For: by Mary Chude
Let me start by saying you probably weren’t expecting the argument endorsing the Platinum Jubilee to present as a straight up slandering of Her Majesty. But, the truth is, I don’t push controversy when I say a lot of people don’t care about the monarchy. It’s a stance I align with myself.
While the Queen has no doubt charitably contributed to society, what difference are her actions from the philanthropy of a rich person? On the Jubilee celebration itself, isn’t this just using taxpayers’ money on passioned pageantry? Doesn’t seem a sound idea of a government whose management of the economy has seen inflation rise to an all-time high.
Now, to reign in the disapproval, let me finally align this article with why I’m on the side of for. It comes at providing the best answer to the age-old question: What is the monarchy good for? Well, the Platinum Jubilee presents them a prime opportunity to prove their worth: it’s marked by a bank holiday weekend! Yes, this first week of June includes the precious rarity that is a four-day weekend. A day to cool off on commitments shouldn’t be scoffed at.
Celebration and fanfare? Don’t care. Mark this ‘marvellous milestone’ the right way: enjoy a good lie in. This article was created at the cost of my digital footprint.
Against: by Emily Kelso, Comment sub-editor
I will make it clear from the outset that I have no particular pro or anti monarchy sentiments. I don't fawn over the most recent images of the Cambridge children by the Duchess, but I'm hardly calling for the abolishment for the monarchy either. This apathetic point of view is the crux of my argument here: most people just do not care enough about the monarchy, and by proxy, celebrations like the Jubilee.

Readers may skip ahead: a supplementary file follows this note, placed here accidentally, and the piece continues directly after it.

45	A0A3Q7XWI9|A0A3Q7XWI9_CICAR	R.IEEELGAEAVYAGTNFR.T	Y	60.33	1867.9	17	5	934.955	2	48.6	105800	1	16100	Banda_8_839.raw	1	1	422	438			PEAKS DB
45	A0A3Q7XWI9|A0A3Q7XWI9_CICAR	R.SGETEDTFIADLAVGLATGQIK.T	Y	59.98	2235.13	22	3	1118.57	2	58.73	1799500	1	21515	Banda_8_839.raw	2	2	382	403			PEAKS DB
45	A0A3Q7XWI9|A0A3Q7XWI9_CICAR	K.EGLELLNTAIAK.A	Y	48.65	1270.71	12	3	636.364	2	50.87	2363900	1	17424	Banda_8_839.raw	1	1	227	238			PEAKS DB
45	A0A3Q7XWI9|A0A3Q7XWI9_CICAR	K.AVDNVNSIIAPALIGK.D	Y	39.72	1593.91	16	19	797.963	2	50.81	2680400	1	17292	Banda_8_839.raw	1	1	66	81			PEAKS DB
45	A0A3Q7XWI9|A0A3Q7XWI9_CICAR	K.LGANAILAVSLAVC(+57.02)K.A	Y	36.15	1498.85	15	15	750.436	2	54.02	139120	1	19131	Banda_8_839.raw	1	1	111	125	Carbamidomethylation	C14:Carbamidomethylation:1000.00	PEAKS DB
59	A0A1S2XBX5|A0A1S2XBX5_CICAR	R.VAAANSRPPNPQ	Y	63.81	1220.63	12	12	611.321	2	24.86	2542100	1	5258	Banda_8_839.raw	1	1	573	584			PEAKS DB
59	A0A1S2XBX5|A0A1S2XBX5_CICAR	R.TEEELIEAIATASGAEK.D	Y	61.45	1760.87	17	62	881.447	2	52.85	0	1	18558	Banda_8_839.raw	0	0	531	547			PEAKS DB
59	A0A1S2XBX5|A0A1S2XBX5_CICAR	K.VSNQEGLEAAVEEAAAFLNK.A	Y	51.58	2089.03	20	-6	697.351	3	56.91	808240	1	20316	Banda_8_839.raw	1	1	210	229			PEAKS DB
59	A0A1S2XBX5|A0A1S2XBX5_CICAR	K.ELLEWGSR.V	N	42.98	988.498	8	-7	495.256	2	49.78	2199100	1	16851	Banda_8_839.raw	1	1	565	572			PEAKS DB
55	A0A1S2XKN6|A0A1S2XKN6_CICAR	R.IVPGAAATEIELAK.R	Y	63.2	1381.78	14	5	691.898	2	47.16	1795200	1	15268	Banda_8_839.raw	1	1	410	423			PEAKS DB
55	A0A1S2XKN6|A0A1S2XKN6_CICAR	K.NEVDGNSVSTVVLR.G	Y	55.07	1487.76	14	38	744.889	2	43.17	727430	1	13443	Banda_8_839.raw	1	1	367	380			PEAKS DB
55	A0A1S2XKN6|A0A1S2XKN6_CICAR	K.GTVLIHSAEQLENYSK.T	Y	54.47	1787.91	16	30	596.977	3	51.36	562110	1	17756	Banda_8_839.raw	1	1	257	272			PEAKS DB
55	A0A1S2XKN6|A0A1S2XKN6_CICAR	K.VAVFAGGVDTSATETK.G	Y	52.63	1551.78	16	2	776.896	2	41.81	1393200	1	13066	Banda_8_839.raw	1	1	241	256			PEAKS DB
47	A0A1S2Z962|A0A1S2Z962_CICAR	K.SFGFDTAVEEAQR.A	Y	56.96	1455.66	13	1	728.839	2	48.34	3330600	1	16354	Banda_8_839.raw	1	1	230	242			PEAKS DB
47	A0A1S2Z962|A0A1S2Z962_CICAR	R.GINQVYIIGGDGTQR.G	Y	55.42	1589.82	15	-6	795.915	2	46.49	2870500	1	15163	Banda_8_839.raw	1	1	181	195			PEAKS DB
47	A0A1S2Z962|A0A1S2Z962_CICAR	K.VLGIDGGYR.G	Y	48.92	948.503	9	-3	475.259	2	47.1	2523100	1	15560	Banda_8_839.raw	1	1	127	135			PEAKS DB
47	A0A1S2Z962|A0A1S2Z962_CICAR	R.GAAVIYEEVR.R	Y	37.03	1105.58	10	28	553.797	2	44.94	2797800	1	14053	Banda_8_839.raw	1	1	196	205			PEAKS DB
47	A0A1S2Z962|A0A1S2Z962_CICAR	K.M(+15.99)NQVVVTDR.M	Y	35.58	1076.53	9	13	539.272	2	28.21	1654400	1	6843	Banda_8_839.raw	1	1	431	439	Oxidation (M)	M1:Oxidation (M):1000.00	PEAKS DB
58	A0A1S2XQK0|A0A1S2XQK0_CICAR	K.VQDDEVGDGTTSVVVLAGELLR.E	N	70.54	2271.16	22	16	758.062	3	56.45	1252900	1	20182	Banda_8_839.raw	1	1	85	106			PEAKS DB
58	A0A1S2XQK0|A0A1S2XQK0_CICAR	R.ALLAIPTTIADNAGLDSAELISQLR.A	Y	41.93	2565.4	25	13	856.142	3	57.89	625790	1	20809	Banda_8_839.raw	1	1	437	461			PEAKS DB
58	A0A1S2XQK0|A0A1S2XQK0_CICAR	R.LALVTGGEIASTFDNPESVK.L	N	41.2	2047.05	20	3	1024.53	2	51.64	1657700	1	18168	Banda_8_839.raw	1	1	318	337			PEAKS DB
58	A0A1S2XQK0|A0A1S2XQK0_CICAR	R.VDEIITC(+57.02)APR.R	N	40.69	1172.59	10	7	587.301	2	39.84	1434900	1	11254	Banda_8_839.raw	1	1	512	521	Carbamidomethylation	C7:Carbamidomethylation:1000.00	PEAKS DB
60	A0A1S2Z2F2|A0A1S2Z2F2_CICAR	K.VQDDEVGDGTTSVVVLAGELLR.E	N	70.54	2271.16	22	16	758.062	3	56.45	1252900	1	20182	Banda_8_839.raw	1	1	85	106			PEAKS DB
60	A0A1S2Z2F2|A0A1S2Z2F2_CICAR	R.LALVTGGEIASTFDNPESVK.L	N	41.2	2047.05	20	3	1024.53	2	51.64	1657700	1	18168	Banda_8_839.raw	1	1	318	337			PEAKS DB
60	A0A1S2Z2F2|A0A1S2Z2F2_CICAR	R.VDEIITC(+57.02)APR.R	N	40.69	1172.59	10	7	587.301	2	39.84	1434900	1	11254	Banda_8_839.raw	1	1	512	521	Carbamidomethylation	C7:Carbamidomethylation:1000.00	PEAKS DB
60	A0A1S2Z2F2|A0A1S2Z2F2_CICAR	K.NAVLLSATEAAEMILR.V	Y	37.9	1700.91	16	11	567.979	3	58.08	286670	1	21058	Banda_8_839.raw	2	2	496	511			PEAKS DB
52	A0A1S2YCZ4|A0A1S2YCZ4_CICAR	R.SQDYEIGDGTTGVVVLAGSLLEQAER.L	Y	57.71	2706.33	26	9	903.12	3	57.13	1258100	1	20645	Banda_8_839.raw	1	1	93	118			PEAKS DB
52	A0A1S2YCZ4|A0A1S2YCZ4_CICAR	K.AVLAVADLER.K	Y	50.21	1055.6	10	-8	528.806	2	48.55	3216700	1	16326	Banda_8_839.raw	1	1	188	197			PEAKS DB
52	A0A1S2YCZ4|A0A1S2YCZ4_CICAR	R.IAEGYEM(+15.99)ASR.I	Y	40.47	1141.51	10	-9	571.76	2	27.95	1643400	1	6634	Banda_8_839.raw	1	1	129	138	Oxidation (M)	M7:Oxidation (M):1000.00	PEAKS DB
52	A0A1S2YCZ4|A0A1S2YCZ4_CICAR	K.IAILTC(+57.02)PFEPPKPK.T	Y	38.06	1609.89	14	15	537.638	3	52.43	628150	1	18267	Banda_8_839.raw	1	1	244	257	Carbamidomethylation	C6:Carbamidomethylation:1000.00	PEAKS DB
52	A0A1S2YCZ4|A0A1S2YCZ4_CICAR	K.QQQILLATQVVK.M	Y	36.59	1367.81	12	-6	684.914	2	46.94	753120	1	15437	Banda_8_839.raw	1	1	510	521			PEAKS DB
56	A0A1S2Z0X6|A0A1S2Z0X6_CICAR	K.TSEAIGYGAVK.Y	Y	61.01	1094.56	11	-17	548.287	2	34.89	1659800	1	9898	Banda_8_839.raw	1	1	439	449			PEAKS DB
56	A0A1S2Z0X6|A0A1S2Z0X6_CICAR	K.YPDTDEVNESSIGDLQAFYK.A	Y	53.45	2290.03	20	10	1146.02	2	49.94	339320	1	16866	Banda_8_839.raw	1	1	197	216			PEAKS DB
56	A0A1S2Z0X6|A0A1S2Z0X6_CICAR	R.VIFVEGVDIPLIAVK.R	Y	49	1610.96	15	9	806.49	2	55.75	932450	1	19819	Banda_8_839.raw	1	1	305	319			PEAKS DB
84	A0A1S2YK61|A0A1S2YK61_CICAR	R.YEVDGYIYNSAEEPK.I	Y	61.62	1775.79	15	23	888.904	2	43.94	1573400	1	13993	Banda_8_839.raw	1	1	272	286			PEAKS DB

It is a fact in England that the monarchy does exist, but the Queen has a limited impact on the lives of most people. The Royal Family are meant to serve as figureheads of the nation, although recent tours in Commonwealth nations show that perhaps the monarchy is not as appropriate or welcomed anymore. Are these elaborate celebrations necessary given most people cannot recall how the monarchy has impacted their lives? There is no doubt Elizabeth II has served her country well these past 70 years, and it is her we are celebrating: would she want this affair in her honour? Or perhaps a few Doctor Who reruns on the TV with the dogs and an early nights sleep?
We must also think of the cost. We are still emerging from a pandemic, the debts of which will need paying off for generations. Surely the greatest gift the Queen can give us is to just livestream a quick "thank you" (on the TV or Twitch, who knows which would garner the better views) and let us have the bank holiday anyway.
The bank holiday is also a moot point for students given it is exam season. Who has got the time, or the will, to join in the festivities? I imagine any student-planned celebrations that may occur will have little to do with the Jubilee, and more to do with seizing a chance for partaking in a common British hobby: excessive drinking.
Am I attending a street party or getting together with people to watch the celebrations? Heavens no, do I look like my parents? I've got exams to revise for.